By Laurie Schmitt
“Now on that same day two of them were going to a village called Emmaus,
about seven miles from Jerusalem.” ~ Luke 24:13
It seems like Jesus is sneaking up behind his disciples and catching them by surprise as they walk to Emmaus, but he’s not traveling incognito. It’s just that they’re so preoccupied and self-absorbed, disappointed and confused by the recent turn of events, that they don’t recognize him. Jesus butts into their conversation, saying, “So, what are you two talking about? What’s bothering you so much?”
“Don’t you know?” they ask. Of course, Jesus knows, but he wants to hear it from them.
Seeing but Not Knowing
They look him in the eyes but still don’t see him. “We thought things would turn out differently,” they say, “We put all of our hope in Him… but it’s been three days now.”
As they walk, Jesus talks of the Scriptures, linking the old prophecies with the recent events. Their hearts burn, their minds begin to clear, and their souls rise within them as he speaks, but they still aren’t aware that he is who he is, that he is Jesus, who they are looking and longing for. They beg Him to stay, and He continues, helping them to piece together the Old Testament prophecies, but the New Covenant reality is not fully realized until the breaking of the bread. It hit like a lightning flash. Their eyes are open.
Sometimes our journey replicates this scene. We are so worried and confused that we forget that Jesus is ever present, readily accessible, wanting to walk with us, and eager for a heart-to-heart. Revival times and survival tools are simultaneous requirements for keeping the faith.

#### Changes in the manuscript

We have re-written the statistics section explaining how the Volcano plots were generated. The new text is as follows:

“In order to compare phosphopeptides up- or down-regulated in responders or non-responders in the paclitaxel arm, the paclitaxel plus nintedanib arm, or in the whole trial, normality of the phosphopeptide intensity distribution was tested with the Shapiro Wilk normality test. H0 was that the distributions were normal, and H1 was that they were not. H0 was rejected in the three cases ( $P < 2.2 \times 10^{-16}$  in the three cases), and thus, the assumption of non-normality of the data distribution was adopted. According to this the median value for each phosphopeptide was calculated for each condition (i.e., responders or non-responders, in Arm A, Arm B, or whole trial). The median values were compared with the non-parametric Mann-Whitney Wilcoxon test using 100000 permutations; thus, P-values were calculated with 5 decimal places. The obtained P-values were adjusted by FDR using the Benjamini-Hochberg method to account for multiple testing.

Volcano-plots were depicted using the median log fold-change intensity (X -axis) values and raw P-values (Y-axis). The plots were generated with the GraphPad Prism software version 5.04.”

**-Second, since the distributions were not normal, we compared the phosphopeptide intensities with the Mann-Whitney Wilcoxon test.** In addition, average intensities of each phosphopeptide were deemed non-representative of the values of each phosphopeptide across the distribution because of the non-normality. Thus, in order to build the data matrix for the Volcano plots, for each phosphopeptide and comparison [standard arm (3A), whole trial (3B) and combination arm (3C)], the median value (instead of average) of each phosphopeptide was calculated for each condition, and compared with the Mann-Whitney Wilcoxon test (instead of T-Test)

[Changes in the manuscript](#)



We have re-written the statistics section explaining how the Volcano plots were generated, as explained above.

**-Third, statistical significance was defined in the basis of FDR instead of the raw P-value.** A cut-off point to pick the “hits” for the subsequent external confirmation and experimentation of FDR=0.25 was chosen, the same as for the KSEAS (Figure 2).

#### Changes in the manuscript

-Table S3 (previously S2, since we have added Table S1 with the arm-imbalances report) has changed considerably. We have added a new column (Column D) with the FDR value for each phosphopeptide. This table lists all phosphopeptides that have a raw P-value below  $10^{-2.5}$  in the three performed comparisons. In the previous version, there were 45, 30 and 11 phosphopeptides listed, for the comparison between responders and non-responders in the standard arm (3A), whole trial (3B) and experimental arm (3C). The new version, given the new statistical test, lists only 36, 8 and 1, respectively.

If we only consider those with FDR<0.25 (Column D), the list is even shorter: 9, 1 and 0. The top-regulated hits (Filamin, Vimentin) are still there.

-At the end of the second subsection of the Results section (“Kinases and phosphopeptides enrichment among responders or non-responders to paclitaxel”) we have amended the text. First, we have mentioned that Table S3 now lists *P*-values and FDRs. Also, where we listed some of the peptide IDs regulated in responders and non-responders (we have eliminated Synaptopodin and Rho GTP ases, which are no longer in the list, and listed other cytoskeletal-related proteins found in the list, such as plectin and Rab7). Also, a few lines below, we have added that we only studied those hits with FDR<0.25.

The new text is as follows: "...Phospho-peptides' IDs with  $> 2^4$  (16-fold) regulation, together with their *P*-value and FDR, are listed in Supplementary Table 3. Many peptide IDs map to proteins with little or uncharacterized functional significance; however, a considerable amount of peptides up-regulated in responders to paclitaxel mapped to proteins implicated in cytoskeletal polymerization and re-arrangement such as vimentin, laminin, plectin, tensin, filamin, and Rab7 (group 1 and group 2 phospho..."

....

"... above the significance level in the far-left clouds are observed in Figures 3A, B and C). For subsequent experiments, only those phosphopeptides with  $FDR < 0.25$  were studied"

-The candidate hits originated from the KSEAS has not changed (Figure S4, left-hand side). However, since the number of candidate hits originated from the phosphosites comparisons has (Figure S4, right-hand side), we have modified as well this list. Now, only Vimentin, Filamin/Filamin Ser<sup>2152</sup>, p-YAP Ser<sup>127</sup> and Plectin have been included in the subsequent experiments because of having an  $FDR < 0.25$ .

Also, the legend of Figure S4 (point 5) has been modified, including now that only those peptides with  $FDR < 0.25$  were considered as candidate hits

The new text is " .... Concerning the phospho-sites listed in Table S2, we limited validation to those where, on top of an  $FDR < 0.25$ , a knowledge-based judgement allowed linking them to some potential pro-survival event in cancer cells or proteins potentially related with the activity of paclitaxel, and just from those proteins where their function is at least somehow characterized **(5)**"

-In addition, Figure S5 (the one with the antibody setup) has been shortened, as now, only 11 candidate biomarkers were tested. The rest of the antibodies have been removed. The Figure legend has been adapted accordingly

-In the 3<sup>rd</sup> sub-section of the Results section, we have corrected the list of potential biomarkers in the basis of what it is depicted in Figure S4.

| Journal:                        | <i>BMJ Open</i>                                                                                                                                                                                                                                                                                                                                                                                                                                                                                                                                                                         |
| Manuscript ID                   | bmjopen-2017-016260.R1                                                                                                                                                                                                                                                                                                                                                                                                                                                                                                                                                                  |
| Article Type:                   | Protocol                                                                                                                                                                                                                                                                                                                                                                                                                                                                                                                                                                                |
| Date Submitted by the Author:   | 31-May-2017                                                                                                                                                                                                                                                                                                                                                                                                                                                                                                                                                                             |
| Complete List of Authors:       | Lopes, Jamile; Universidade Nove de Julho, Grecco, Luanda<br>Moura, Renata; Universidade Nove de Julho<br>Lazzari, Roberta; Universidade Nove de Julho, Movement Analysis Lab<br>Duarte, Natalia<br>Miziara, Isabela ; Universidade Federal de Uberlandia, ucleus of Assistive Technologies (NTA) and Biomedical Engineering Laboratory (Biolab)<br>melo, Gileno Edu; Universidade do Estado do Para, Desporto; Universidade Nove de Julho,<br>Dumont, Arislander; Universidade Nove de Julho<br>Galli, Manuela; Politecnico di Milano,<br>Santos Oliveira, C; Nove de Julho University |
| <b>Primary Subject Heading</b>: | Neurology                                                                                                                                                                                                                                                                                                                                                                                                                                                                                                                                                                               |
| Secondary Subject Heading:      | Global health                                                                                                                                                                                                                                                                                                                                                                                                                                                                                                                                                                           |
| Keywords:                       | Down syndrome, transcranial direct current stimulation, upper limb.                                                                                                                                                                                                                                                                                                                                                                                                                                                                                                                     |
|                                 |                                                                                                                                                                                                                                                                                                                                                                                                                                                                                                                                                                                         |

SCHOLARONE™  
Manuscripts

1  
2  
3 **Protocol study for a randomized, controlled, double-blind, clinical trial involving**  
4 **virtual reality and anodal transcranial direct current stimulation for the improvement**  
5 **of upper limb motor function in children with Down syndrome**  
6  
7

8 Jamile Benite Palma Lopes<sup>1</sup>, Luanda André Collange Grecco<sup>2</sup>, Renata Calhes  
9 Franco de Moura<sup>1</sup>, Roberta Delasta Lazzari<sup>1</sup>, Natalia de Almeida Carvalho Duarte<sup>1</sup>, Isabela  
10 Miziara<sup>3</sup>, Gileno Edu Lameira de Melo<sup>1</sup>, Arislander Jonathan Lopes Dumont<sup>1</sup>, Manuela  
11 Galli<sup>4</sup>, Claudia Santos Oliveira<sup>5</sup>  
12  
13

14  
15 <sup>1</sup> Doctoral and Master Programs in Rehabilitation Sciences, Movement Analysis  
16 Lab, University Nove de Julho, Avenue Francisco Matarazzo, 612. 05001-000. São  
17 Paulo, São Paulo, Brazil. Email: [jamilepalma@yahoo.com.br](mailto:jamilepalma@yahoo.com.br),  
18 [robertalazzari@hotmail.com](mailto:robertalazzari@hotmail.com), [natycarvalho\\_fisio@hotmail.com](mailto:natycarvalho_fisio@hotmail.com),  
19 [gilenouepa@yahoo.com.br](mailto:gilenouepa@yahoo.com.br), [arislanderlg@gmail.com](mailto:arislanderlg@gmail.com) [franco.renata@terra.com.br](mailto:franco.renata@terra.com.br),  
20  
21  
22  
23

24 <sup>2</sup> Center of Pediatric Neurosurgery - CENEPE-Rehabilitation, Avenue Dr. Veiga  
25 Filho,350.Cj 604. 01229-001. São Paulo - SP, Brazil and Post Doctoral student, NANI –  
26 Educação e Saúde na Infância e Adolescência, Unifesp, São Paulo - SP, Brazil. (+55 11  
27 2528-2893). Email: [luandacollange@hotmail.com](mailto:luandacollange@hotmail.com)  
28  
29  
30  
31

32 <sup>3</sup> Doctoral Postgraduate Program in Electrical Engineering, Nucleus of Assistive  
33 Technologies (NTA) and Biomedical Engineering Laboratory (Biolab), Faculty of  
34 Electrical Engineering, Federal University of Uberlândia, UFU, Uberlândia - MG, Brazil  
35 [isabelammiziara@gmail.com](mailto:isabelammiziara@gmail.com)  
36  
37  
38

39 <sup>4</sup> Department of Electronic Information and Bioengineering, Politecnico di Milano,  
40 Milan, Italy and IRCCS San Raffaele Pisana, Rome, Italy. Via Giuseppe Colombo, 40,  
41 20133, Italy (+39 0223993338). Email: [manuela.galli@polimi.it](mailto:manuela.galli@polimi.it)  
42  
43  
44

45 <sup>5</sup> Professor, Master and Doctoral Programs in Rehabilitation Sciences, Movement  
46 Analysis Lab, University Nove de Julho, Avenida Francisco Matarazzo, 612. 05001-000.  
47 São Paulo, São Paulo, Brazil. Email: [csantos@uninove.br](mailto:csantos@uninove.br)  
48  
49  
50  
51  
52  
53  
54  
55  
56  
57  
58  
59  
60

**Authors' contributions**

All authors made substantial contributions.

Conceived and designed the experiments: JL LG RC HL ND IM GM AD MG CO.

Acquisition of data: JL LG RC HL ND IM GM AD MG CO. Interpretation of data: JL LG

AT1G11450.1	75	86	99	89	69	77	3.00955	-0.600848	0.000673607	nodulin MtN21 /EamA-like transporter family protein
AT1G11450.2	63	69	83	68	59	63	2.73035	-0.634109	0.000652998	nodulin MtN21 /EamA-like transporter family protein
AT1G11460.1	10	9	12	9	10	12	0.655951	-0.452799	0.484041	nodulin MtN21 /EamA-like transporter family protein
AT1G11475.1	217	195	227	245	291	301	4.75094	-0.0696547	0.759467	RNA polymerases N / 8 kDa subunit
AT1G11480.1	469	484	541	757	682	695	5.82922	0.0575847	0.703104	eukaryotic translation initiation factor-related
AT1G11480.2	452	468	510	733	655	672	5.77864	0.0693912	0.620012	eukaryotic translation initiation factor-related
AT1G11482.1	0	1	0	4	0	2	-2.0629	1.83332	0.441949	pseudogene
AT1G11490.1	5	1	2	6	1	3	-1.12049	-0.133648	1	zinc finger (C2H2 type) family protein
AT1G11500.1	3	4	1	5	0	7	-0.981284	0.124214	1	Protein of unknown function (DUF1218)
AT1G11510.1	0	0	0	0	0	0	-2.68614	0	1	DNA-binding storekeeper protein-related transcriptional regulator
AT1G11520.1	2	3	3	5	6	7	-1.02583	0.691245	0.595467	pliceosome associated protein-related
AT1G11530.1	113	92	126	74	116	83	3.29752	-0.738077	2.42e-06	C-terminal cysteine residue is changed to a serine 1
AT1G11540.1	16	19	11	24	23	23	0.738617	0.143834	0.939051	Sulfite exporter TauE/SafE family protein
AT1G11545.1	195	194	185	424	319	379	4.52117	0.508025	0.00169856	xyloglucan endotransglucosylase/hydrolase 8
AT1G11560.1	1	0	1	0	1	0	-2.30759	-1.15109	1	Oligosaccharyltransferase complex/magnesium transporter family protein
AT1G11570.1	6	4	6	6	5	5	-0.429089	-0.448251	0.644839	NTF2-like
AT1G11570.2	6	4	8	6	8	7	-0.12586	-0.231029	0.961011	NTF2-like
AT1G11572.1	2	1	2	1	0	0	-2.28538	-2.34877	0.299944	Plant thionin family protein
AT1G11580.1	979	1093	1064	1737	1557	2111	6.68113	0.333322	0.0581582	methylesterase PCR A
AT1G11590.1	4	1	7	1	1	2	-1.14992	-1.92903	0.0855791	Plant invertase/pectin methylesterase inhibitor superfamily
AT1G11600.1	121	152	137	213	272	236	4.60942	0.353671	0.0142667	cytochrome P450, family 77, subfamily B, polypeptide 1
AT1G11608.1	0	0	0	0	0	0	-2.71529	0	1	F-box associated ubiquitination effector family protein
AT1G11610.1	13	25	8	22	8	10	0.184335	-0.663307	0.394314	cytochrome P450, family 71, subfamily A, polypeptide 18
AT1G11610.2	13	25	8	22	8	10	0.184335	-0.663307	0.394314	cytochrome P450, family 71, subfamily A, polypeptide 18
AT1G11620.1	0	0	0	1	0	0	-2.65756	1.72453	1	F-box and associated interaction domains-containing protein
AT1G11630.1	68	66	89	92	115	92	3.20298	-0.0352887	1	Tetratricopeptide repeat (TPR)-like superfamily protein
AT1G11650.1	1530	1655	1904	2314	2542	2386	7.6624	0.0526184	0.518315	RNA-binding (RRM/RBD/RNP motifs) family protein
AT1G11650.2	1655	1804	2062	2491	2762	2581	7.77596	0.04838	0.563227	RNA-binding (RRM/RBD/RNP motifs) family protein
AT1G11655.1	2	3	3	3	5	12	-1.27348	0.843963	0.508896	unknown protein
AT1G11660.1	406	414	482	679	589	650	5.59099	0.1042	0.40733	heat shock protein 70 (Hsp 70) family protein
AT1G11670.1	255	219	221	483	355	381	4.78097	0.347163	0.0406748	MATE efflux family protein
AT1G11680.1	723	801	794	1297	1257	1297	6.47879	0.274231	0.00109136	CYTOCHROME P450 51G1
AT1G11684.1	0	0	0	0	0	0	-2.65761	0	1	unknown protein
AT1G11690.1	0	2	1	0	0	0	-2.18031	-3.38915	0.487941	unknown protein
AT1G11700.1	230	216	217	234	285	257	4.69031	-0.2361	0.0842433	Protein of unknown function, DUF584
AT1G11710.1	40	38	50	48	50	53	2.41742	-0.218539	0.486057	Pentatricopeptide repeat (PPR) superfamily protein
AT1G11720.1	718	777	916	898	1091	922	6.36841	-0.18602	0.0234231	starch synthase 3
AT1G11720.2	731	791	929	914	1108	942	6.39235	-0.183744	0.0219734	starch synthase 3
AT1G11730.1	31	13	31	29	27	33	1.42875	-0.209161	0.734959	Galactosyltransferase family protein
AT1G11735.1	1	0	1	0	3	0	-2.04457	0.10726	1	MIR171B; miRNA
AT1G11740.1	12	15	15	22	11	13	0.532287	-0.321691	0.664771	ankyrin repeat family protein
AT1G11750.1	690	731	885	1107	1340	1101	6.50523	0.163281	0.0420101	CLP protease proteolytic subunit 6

By meditating on Sacred Scripture and walking with like-minded Christians, we meet Christ. Where do we see him? In living sacramentally, especially in the Eucharistic sacrifice of the mass. In the breaking of the bread.
Lord, thank you for the gift of the Eucharist! Open my eyes and heart, and help me to see You in the breaking of the bread.
Call to Action
This week, while at mass, especially after receiving the Eucharist, pray the Anima Christi or a simple prayer of thanksgiving, and pray for all who take His gift for granted. Rejoice! Christ gave himself for us, and remains with us in the Blessed Sacrament!
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Funny you should mention the Anima Christi. That is the prayer I learned this Lent and pray after receiving Communion.
This is a wonderful prayer — I especially like the poetic version by St. John Henry Newman 🙂
Laurie – (I spell my daughter’s nickname Laurie as well). Her given name is Laurice. Anyway, your nine children are so blessed to have you knowing and teaching them so much about our beautiful Catholic faith. The Anima Christi is what I’d like on the back of Holy Cards when the time comes for a funeral for me. I LOVE that prayer and want to expose it to Protestants who aren’t familiar with it. Hopefully, not soon, Lord, but when you call me, I hope to be ready! +JMJ+